We passed through Rewell Wood, another area of managed forest that also has patches of open land where trees once stood and that have since been cut back, distant blue bells added a hue of blue on this desolate forest floor. After passing Rewell House we were soon back in open downland and being rewarded with some fine views to the coast overlooking Bognor, Littlehampton and beyond to Worthing. The spire of the Arundel Cathedral could also just be made out at the distant end of the path that we were following.


We dropped back into the woods that are above chalk springs and followed the path back to Waterwoods Cottages where we started, passing a few more patches of wild garlic on the way.

The recipe for this months trek has been inspired from both the smell of wild garlic in there air and trout from Chalk Springs.

Trout Fishcakes with Wild Garlic Salsa Verde

For the Fishcakes:

  • 400g Cooked Chalk Springs Trout, flaked and bones removed
  • 300g Mashed Potato with milk
  • 3 Spring Onions, finely chopped
  • 1 tbsp Parmesan Cheese, finely grated
  • 2 tbsp Dill
  • Zest of 1 Lemon with juice of half
  • Beaten Egg
  • Flour
  • Breadcrumbs
  • Salt
  • Pepper

For the Salsa Verde:

  • 1 clove garlic, crushed or chopped
  • 1 tbsp capers
  • 2 tbsp handful Kalamata Olives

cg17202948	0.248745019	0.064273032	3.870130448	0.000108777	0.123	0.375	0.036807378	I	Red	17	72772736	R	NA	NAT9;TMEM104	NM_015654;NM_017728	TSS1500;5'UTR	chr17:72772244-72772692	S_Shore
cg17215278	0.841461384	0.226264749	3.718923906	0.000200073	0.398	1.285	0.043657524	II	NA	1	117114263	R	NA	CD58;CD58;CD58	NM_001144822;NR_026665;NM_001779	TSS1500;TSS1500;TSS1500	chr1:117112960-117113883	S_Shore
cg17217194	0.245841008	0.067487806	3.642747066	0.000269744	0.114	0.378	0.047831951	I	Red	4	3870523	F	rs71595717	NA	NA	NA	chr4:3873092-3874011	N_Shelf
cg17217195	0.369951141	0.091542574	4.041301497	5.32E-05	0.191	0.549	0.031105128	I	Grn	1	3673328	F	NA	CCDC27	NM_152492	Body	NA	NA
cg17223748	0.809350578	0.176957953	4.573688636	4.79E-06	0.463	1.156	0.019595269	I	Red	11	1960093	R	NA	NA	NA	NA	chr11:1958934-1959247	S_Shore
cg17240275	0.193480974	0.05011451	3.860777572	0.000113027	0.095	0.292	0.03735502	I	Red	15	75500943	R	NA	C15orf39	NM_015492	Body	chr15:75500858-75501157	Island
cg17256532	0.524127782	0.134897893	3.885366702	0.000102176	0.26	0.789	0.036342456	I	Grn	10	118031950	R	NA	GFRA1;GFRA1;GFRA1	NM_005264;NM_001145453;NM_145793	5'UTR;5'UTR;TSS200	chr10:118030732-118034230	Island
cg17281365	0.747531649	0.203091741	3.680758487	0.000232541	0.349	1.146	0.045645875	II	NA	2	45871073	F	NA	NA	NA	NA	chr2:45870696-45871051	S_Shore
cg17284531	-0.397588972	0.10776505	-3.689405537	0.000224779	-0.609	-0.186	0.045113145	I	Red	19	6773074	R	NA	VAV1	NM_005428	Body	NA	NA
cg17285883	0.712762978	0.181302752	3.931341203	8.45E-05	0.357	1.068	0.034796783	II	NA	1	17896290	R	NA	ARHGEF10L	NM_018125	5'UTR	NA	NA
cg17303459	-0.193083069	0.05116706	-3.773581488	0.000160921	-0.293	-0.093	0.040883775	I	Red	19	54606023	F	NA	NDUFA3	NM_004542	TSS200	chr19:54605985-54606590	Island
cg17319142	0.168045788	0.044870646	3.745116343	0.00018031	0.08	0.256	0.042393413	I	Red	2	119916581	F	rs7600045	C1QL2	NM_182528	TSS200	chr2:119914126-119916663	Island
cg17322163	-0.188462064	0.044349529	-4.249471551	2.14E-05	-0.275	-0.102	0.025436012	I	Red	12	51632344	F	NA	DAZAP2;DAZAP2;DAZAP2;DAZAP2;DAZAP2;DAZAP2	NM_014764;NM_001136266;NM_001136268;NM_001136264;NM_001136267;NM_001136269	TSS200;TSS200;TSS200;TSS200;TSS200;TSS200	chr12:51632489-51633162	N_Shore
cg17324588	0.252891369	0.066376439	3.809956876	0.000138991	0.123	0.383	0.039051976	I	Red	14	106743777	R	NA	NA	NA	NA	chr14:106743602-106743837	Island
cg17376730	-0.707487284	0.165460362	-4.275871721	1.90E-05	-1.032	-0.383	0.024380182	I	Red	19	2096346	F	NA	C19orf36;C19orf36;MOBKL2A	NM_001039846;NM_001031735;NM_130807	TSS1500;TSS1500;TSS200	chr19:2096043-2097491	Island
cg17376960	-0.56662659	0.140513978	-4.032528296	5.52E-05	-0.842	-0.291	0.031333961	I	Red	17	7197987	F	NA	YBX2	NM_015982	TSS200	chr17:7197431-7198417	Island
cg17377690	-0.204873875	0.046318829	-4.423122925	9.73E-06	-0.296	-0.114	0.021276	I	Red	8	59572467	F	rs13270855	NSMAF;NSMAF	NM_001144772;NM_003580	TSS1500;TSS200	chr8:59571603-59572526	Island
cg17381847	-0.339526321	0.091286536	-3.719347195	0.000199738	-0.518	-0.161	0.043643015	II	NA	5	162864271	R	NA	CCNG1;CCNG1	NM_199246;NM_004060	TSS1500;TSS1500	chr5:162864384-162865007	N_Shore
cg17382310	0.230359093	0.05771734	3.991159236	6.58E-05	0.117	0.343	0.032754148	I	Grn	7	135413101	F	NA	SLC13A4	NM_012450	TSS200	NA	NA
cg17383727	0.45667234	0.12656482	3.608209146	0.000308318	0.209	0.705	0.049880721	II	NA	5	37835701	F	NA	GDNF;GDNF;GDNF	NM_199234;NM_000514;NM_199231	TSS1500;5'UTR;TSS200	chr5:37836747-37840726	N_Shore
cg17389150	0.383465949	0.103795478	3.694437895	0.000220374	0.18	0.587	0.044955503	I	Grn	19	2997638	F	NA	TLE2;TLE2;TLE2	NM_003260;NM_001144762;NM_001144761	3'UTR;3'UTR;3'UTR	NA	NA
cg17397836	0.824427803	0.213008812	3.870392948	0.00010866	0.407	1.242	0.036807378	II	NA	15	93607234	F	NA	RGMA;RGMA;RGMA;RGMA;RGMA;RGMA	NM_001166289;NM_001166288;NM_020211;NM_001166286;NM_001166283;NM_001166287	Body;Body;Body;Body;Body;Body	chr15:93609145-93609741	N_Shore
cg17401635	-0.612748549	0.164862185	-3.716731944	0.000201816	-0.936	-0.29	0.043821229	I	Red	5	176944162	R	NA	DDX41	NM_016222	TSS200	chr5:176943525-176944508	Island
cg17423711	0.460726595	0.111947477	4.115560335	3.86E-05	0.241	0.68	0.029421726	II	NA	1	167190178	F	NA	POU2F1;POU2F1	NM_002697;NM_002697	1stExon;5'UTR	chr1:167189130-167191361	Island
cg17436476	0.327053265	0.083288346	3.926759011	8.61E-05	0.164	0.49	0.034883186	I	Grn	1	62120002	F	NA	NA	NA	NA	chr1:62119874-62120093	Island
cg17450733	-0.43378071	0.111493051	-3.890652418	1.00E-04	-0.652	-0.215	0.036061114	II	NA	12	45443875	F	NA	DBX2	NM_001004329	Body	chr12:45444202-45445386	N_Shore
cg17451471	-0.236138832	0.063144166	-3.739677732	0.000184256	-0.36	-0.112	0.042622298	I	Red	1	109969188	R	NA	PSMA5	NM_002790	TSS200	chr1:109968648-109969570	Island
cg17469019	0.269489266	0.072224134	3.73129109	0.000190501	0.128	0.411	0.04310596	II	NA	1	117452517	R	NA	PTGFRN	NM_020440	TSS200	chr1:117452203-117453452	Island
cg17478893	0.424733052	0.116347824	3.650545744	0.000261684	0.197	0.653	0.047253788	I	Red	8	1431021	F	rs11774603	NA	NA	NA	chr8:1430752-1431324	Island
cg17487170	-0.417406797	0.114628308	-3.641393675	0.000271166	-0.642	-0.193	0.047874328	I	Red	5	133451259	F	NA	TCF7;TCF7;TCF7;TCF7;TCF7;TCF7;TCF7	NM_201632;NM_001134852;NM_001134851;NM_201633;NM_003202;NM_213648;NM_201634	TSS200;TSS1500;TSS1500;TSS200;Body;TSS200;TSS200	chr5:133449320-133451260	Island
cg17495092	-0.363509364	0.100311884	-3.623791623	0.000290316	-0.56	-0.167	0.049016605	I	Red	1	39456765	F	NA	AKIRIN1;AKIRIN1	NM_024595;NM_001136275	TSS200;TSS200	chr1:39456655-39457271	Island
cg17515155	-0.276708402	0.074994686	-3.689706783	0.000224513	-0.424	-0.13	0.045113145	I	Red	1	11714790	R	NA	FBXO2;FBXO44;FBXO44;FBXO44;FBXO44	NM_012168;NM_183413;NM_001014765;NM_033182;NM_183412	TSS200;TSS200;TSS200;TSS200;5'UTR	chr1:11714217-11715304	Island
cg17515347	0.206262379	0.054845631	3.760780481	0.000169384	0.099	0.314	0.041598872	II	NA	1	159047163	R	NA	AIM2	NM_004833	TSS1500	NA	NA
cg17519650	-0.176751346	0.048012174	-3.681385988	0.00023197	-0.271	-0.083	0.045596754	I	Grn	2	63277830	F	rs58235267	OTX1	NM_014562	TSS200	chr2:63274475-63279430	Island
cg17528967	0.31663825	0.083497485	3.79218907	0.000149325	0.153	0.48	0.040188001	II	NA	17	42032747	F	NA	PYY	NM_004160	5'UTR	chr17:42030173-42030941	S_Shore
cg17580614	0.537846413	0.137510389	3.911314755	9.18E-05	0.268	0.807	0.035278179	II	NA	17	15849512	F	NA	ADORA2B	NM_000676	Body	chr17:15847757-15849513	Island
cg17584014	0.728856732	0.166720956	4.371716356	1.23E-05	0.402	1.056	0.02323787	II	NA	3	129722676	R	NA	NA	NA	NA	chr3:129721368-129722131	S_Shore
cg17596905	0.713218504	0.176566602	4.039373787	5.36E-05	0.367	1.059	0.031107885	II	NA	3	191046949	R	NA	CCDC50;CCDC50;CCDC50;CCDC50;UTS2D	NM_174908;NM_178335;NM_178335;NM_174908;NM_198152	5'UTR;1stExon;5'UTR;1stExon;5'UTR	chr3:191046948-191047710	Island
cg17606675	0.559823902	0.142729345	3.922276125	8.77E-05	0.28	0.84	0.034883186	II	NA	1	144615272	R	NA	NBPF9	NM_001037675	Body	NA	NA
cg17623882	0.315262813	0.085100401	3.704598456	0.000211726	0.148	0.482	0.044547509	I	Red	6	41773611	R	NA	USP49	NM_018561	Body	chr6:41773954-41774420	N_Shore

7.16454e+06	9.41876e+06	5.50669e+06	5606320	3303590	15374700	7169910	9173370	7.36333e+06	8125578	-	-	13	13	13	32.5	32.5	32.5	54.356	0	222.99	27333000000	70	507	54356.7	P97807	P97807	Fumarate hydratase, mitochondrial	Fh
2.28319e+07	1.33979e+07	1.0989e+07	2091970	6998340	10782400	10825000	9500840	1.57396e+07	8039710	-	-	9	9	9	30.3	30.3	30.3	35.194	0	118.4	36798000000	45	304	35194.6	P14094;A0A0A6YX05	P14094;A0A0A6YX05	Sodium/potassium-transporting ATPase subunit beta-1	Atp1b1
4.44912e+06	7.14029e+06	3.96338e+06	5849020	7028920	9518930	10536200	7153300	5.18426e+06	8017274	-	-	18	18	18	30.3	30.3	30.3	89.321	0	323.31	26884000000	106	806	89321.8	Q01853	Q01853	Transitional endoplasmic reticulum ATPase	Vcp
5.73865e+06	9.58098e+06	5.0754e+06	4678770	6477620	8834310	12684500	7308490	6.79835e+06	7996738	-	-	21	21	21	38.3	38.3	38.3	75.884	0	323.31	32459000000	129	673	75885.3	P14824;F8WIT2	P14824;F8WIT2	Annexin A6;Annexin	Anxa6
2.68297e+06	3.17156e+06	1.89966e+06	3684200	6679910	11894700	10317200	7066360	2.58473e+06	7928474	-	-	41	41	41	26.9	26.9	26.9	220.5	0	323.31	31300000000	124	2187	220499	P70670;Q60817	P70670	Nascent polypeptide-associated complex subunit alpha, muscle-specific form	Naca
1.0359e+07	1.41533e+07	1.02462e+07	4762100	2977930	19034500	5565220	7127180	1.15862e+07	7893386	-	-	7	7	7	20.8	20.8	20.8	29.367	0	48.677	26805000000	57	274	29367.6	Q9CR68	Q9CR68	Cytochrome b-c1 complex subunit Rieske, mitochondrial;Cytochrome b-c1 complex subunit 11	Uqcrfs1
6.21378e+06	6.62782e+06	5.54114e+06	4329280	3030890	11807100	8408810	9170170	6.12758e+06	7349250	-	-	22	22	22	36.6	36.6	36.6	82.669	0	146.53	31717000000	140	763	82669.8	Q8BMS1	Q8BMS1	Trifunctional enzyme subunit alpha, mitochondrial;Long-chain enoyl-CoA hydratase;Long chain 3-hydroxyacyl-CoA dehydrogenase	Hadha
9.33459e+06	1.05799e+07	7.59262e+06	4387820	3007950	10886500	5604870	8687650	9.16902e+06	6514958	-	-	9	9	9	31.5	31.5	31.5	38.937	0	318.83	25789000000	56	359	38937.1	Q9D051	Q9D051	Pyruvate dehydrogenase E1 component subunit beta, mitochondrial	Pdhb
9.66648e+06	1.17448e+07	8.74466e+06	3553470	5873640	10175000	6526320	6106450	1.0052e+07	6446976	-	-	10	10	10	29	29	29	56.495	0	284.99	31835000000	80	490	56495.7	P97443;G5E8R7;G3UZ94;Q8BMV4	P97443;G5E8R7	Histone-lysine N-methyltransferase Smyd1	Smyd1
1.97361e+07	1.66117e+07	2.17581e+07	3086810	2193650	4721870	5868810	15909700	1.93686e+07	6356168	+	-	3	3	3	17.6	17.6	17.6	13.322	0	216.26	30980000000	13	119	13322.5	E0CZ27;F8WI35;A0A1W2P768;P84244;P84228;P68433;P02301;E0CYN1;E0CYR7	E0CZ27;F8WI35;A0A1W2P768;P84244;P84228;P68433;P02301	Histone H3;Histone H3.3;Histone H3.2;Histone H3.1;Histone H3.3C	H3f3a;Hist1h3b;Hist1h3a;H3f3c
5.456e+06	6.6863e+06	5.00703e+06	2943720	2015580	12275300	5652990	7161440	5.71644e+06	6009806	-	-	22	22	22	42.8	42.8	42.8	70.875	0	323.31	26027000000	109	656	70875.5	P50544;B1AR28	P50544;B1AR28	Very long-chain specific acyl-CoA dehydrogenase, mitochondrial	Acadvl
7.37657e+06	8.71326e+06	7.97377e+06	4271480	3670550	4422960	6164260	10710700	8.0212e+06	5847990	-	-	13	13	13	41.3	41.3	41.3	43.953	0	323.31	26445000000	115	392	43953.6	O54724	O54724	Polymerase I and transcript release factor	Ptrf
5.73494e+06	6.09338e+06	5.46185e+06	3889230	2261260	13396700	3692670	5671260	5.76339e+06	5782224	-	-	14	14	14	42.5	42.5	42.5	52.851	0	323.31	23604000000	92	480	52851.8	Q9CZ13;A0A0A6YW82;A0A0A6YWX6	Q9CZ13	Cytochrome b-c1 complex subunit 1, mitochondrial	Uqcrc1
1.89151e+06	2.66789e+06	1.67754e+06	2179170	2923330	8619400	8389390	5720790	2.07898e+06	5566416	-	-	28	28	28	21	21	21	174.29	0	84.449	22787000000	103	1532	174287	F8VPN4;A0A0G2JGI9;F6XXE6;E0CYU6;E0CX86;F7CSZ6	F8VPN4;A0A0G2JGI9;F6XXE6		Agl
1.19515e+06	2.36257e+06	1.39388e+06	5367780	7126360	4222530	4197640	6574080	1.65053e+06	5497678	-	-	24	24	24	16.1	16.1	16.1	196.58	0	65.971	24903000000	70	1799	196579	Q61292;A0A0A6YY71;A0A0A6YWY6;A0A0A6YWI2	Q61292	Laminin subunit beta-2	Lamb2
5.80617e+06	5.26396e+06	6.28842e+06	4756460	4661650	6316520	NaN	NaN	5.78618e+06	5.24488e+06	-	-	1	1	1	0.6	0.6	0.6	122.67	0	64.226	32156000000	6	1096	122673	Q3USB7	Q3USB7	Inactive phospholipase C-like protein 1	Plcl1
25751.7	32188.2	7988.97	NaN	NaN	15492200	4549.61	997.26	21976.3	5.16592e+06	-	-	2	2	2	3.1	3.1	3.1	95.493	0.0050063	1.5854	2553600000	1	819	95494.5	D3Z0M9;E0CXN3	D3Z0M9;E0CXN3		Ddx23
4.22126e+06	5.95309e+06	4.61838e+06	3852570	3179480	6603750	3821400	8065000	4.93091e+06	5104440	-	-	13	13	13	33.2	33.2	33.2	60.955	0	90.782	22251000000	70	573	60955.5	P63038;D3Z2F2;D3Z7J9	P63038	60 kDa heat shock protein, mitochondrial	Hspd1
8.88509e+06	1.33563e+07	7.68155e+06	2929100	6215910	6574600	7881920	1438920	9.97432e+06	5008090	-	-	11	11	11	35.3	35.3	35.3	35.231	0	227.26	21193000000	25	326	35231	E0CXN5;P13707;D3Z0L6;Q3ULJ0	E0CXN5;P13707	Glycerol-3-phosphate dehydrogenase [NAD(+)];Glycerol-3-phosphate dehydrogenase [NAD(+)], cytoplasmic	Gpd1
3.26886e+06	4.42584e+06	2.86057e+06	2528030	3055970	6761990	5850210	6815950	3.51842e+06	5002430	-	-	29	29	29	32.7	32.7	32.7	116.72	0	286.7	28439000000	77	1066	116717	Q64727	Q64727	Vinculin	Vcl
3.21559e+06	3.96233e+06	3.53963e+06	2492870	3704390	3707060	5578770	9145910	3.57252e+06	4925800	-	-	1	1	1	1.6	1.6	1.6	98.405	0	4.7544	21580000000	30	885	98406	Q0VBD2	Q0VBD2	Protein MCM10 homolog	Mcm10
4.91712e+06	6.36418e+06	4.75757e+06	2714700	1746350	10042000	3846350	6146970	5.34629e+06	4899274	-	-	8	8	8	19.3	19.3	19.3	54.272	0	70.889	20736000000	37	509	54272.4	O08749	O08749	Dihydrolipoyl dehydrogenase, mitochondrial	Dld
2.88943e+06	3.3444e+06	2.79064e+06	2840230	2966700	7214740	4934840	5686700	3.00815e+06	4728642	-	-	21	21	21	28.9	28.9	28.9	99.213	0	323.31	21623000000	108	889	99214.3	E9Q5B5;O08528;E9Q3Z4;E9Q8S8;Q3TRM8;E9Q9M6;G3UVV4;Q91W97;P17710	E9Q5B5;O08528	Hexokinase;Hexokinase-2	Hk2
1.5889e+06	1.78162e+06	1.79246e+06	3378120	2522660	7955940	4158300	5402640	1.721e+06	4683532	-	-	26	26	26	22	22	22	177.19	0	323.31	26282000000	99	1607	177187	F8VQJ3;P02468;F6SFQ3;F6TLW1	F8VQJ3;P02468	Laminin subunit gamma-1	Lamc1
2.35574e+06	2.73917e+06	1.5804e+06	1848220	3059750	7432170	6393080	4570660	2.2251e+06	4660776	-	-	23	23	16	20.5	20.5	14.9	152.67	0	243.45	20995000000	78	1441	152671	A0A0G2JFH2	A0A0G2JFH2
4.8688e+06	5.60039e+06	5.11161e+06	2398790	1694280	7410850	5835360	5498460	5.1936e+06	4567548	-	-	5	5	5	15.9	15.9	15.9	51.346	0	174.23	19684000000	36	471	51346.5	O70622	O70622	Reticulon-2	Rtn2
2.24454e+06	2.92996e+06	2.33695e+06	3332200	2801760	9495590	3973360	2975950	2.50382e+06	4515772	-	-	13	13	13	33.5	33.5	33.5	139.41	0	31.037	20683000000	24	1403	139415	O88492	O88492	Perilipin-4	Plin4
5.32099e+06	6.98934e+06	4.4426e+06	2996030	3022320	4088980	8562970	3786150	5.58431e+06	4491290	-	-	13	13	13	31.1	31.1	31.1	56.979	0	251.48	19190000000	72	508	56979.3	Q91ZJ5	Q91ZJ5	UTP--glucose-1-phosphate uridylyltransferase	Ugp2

• 4 tbsp flat-leaf parsley leaves
  • 2 tbsp wild garlic leaves, chopped (or Chives if out of season)
  • 1 – 2 tbsp red wine vinegar or lemon juice
  • 3 cornichons
  • 1 tsp French mustard
  • 4 tbsp extra virgin olive oil
  • sea salt
  • freshly ground black pepper


  1. Make the salsa verde by roughly chopping the parsley, wild garlic (chives), garlic, olives, capers and cornichons then mix all together. Then put into a large bowl and add the mustard, extra virgin olive oil and red wine vinegar. Taste and season with salt and pepper.
  2. For the fishcakes; mash the potato with a dash of milk in a large bowl then add the trout, chopped spring onion, lemon zest & juice, dill and parmesan cheese and thoroughly mixc. Add salt & pepper to test the seasoning, then leave mixture to cool. ]
  3. Divide the chilled mixture into as many portions as required depending on the size of fishcake preferred.
  4. Coat each cake in the flour then dip them in the egg and coat in the breadcrumbs. Fry the fishcakes in hot oil until golden brown and crisp.
  5. Serve with a fresh asparagus salad and Nutbourne tomatoes.




Foodie Trek – March 2018

Trundle, Charlton, Levin Down & Cheese

A circular walk of 10km (6 Miles) celebrating Goodwood cheese and taking in two distinctive hills, ‘The Trundle’ with it’s fantastic views across Sussex and Levin Down, a nature reserve with some outstanding features in the landscape.

31st March 2018

Theres’s no tasting on today’s trek however the walk takes us to some beautiful parts of Sussex that Goodwood has named it’s cheeses after, namely Levin Down and Charlton.

Susan, Belinda, Tim & Kiah joined PK and i today for this months foodie trek and as a bit of a teaser we drove by Goodwood and down the hill that we were soon to be climbing back up, haha!